Football And (Conservative) Politics Do Mix For Some NFL Fans | WAMU 88.5 - American University Radio

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Football And (Conservative) Politics Do Mix For Some NFL Fans

There's nothing like a ready-made crowd to help a group get its message out. That's why a conservative political organization set up shop Sunday outside the St. Louis Rams-Washington Redskins NFL football game.

Why mix politics and football?

"People are here," explained Patrick Werner, Missouri state director for Americans for Prosperity.

Football fans are used to encountering promotional tents for sports-talk radio stations and brands of beer and mixed nuts on their way to the game. Not so many of them expect to discuss politics as part of the pregame festivities.

But Werner and his staff managed to attract attention from a large number of people who were willing to give up personal information such as email addresses in return for a free green T-shirt.

Americans for Prosperity is largely known for running multimillion-dollar ad campaigns in support of conservative causes. The group spent some $25 million airing ads critical of President Obama last month in 11 states.

But Americans for Prosperity is also trying a retail approach. The group is currently on a tour of more than 350 stops in 16 states, seeking to approach and energize citizens individually to turn out to vote.

AFP parked a big, green bus in a lot directly catty-corner to the Edward Jones Dome in downtown St. Louis, emblazoned with a profile of the president and his infamous, if decontextualized, quote about business: "You didn't build that."

Julie O'Keefe, a St. Louis attorney, is embarrassed when her sons yell, "I hate Obama" as they pass the bus. "We didn't teach them to say that," she said.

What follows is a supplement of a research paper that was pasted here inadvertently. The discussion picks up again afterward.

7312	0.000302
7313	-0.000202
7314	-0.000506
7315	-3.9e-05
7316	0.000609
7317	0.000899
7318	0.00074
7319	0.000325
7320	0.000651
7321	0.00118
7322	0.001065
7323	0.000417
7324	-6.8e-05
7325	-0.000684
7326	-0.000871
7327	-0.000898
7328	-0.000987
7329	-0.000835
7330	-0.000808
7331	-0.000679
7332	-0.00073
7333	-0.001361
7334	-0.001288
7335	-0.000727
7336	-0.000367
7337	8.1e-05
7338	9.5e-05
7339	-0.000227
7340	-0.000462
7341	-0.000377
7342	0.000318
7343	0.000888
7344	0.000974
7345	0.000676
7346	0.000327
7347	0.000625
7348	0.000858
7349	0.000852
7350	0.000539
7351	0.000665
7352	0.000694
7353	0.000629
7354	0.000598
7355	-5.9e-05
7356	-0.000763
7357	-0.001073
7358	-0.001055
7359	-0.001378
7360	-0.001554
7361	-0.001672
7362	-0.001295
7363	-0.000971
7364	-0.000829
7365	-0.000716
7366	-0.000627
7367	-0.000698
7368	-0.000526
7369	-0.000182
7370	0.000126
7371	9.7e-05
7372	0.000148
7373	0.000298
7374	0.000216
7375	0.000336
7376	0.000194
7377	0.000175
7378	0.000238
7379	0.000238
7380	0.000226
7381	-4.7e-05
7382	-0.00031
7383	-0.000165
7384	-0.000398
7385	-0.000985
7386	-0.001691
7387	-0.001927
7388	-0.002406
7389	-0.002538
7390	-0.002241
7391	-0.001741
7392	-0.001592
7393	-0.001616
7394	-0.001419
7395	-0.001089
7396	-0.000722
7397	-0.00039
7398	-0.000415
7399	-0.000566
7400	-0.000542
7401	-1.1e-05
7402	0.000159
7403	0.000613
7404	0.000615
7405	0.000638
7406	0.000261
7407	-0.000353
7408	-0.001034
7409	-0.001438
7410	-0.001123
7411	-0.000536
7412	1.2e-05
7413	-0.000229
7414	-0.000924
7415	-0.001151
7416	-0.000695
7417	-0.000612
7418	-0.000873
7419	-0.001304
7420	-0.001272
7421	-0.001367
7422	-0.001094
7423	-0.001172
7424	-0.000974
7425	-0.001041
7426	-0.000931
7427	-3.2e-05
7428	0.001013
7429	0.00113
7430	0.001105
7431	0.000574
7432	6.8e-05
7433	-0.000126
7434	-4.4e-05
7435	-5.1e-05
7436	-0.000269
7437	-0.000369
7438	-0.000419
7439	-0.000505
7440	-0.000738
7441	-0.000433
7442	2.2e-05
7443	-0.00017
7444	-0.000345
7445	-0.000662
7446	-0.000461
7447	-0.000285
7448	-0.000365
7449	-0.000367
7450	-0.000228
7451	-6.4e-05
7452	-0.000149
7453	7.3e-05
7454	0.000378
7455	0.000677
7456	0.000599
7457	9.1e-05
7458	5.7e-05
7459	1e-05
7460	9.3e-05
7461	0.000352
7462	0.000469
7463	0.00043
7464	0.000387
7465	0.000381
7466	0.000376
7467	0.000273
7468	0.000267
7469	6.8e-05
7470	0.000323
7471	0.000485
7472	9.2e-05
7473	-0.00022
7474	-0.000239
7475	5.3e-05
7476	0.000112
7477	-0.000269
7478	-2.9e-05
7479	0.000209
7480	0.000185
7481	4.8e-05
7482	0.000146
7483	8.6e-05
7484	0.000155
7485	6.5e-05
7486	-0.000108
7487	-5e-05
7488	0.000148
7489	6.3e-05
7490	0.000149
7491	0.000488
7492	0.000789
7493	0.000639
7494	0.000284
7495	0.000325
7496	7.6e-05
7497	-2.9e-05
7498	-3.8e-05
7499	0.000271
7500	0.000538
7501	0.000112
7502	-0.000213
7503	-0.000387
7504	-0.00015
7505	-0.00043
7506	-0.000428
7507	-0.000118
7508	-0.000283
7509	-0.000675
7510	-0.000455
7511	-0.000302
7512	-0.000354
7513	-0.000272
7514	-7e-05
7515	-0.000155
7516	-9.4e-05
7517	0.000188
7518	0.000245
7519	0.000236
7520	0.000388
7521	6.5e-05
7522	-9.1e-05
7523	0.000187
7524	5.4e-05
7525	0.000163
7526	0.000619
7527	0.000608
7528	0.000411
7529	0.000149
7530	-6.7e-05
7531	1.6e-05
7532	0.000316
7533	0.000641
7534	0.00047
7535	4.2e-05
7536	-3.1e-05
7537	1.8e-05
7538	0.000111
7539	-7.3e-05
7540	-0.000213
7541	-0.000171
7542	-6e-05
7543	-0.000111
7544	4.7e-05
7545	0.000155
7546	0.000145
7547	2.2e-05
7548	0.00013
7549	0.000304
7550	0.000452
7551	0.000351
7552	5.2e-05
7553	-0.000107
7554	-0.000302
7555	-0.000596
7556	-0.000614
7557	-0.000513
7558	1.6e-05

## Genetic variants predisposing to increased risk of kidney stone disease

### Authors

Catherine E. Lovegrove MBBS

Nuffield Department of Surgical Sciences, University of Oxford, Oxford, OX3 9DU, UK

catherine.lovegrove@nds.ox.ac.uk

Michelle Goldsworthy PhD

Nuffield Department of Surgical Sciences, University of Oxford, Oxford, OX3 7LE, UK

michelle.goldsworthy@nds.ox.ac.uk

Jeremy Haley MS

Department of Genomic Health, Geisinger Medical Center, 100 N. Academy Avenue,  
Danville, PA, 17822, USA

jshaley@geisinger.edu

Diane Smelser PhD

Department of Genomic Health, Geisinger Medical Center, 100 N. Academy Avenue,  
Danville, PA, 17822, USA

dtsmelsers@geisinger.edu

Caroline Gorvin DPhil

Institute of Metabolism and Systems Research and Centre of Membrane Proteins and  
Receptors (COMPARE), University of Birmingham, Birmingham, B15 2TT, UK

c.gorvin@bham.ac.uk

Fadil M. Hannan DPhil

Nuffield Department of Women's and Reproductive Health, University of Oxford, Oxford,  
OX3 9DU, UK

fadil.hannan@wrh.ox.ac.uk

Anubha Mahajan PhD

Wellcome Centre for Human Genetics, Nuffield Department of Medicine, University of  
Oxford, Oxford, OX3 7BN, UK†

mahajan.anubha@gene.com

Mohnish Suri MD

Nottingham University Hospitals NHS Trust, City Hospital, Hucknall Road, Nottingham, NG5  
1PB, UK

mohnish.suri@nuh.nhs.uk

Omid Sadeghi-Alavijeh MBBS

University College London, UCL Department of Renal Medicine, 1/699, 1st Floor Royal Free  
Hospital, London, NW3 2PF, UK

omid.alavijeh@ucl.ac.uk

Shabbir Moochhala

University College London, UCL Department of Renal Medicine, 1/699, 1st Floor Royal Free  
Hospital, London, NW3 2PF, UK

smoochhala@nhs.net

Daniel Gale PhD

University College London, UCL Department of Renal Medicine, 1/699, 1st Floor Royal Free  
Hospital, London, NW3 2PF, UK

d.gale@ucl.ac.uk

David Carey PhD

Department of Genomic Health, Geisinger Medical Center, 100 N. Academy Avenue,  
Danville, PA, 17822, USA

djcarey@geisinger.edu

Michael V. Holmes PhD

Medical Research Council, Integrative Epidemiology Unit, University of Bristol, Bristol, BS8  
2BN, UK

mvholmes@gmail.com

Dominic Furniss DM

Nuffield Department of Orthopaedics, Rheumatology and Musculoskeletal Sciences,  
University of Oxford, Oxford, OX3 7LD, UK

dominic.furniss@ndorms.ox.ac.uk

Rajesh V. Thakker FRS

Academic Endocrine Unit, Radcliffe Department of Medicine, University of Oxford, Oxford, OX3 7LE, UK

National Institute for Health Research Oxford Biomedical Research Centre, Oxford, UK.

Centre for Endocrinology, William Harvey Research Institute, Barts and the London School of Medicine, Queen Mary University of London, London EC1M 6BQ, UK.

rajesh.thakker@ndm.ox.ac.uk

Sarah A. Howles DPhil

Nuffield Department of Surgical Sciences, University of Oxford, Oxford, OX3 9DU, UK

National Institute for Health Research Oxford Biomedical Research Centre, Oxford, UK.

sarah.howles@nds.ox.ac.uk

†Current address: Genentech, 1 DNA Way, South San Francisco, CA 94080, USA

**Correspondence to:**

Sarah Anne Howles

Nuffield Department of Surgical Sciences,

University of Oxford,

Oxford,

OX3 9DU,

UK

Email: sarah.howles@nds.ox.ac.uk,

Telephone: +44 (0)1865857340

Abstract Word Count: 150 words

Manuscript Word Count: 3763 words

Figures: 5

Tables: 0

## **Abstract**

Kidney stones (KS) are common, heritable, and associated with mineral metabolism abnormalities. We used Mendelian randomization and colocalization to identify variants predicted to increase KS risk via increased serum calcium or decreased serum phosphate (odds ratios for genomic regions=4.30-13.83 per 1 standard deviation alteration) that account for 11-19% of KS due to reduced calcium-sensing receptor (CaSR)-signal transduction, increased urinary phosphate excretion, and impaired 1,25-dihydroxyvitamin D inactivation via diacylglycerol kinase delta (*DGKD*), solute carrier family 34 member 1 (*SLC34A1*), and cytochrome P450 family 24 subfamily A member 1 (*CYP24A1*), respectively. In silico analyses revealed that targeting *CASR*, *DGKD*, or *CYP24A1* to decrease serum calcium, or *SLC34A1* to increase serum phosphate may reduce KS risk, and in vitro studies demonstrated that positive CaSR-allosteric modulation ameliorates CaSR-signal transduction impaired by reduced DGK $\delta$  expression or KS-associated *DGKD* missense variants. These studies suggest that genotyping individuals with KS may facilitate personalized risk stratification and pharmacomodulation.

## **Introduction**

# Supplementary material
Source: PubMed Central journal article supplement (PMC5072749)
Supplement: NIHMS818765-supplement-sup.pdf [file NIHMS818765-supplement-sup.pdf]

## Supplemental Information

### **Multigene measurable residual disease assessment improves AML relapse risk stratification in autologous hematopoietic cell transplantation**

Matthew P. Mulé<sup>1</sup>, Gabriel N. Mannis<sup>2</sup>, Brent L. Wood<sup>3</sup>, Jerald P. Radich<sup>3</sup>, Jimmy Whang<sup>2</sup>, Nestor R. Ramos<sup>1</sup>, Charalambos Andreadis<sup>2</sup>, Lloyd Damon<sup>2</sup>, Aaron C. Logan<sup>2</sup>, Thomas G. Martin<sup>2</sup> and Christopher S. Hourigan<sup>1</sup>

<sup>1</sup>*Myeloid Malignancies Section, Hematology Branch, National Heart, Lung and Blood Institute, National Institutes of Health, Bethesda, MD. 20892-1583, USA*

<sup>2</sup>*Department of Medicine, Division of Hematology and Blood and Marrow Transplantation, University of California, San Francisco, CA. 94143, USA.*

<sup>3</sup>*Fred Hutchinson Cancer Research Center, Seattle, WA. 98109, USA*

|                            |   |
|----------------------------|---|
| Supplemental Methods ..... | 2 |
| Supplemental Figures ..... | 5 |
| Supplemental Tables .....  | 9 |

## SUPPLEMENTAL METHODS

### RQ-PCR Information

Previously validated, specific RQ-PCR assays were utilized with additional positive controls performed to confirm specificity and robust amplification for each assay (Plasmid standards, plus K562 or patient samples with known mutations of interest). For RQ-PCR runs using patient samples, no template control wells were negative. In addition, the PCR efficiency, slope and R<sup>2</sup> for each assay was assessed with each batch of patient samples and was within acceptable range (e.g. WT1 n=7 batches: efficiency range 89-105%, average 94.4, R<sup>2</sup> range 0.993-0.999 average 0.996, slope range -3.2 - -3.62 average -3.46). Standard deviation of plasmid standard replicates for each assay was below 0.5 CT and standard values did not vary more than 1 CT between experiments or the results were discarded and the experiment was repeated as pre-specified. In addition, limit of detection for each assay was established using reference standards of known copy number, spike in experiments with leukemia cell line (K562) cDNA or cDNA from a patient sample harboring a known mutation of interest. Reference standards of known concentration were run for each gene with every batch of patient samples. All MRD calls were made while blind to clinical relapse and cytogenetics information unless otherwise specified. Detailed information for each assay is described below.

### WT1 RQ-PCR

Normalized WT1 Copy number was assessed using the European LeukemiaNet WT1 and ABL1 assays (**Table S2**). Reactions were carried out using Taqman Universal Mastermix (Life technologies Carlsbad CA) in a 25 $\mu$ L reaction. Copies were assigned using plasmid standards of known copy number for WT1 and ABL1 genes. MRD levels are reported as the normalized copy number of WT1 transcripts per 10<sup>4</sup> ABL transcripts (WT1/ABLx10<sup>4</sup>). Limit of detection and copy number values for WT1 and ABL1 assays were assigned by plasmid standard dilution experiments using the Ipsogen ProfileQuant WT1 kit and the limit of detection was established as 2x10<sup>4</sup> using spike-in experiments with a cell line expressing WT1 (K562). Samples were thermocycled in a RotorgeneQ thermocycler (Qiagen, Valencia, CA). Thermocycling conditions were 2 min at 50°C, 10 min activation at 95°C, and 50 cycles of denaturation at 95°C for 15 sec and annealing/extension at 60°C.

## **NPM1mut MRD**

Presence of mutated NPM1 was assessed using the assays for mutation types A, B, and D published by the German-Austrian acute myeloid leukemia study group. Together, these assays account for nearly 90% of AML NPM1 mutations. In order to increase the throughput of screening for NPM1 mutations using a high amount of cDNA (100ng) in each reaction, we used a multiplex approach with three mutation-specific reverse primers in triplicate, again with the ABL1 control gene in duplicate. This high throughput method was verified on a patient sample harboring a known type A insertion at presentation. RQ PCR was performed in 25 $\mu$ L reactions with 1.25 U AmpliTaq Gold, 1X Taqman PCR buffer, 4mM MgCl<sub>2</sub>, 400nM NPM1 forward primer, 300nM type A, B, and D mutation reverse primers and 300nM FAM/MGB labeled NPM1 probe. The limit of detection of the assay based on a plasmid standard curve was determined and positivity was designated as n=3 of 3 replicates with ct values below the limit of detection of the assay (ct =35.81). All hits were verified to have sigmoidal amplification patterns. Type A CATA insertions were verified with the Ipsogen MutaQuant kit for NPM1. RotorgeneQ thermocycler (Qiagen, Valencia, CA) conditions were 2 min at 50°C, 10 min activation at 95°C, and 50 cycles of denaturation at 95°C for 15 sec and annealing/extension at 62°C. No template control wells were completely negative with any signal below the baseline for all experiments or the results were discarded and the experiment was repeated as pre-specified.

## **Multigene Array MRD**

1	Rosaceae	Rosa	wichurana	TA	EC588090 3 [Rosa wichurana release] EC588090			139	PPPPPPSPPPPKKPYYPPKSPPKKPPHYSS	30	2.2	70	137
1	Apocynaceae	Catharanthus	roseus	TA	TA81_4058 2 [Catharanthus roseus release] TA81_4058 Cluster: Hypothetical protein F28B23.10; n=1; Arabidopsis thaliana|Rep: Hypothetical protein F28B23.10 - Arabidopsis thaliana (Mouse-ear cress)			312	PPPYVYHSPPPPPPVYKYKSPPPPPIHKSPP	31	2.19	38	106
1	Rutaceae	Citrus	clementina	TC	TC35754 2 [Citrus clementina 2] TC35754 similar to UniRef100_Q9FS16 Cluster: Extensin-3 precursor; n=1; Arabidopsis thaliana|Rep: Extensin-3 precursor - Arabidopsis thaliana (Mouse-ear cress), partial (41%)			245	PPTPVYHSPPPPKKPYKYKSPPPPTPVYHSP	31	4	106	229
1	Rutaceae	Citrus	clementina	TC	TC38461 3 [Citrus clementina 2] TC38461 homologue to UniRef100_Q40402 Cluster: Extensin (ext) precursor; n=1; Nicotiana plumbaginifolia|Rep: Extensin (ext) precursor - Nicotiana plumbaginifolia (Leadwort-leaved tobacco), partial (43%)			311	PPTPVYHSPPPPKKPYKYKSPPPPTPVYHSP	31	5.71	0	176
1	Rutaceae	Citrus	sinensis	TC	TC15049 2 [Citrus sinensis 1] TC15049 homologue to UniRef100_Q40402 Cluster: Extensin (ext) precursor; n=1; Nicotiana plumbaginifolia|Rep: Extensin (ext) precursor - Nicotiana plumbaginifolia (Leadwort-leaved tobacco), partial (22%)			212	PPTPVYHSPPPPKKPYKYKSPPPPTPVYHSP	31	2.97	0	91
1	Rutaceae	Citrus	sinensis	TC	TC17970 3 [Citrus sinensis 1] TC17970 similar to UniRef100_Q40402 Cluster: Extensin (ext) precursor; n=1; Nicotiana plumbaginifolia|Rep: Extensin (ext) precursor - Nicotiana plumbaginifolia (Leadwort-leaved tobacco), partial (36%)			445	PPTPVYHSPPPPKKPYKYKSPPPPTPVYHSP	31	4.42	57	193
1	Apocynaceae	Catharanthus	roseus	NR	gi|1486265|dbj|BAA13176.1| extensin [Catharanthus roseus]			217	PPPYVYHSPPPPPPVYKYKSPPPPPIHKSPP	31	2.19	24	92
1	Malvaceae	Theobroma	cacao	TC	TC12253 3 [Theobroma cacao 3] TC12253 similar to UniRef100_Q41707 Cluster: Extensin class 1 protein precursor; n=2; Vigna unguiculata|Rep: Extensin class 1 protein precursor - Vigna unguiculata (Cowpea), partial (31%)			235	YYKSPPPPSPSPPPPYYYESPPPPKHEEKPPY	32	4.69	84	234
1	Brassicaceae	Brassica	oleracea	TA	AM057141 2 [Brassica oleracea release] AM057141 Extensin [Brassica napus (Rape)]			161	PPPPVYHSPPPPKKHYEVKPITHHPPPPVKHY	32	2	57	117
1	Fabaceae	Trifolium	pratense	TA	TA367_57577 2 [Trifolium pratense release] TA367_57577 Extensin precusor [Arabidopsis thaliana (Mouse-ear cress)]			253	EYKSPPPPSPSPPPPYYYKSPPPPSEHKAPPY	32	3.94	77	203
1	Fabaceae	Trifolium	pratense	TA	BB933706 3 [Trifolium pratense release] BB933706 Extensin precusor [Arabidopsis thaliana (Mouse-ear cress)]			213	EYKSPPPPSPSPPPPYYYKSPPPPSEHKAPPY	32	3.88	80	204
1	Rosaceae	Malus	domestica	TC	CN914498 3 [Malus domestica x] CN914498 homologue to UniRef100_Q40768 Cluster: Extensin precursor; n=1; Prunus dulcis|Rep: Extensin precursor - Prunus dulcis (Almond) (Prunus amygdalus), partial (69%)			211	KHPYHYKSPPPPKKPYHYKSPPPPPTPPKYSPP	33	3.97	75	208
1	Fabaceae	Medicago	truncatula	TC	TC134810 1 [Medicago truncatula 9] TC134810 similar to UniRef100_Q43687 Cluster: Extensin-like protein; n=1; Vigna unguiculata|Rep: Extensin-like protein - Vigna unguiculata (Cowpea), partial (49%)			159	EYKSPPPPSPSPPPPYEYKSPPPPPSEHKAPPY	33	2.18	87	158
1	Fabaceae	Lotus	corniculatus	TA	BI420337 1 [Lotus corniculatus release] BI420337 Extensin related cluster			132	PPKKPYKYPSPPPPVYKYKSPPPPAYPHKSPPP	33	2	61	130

But she doesn't disagree with them. "[Obama is] lying when he says [Mitt] Romney is going to raise taxes on the middle class," O'Keefe said. "That's total class warfare."

Like a number of passersby, O'Keefe said she had never heard of Americans for Prosperity until their tour pulled into St. Louis this weekend. The group is largely funded by Charles and David Koch, brother billionaire oil men from Kansas who have become bugaboos for liberals thanks to their generous support of conservative organizations such as AFP.

More people stopping by the bus, in fact, seem to have heard of the Kochs than Americans for Prosperity itself. Nevertheless, the group's message resonates. A number of people who disdain President Obama tick off as their reasons several of the same issues the group has bannered across its bus, including the $16 trillion national debt and persistently high unemployment.

St. Louis gave Obama 84 percent of its vote in 2008, but there are plenty of more conservative voters in surrounding counties in Missouri and across the Mississippi River in Illinois.

Rowdy Smith drove north about 25 miles from Barnhardt, Mo., to bring his family, all wearing Rams jerseys, to the game.

"Obama's a mess, not a leader," said Smith, who works for a coal company. "Hopefully, Obama loses, but the liberal mainstream media will do their best to keep him in there because he's their candidate."

But many of those who opposed Obama didn't seem fired up about Republican Mitt Romney. "He's what we've got," as one voter said. Few seemed interested in signing up to do work for AFP or the campaign. "We're gonna vote and everybody's going to know how," said St. Louis resident Maria Clements, but she wasn't planning to do more than that.

Emily Pindell, who lives in Edwardsville, Ill., was enjoying beers and barbecue beside her car with her husband before the game. She kept standing up from her folding chair, offering to take pictures of people in front of the AFP bus.

It was rare for anyone to beg off because they were Obama supporters.

Jim Engle, a construction sales director in St. Louis, didn't want to pose for any pictures, but he took a few shots of the bus anyway, saying he's going to send them to friends who aren't fans of Obama, either.

"The bus caught my eye," he said. "That's pretty creative."

Copyright 2012 National Public Radio. To see more, visit http://www.npr.org/.

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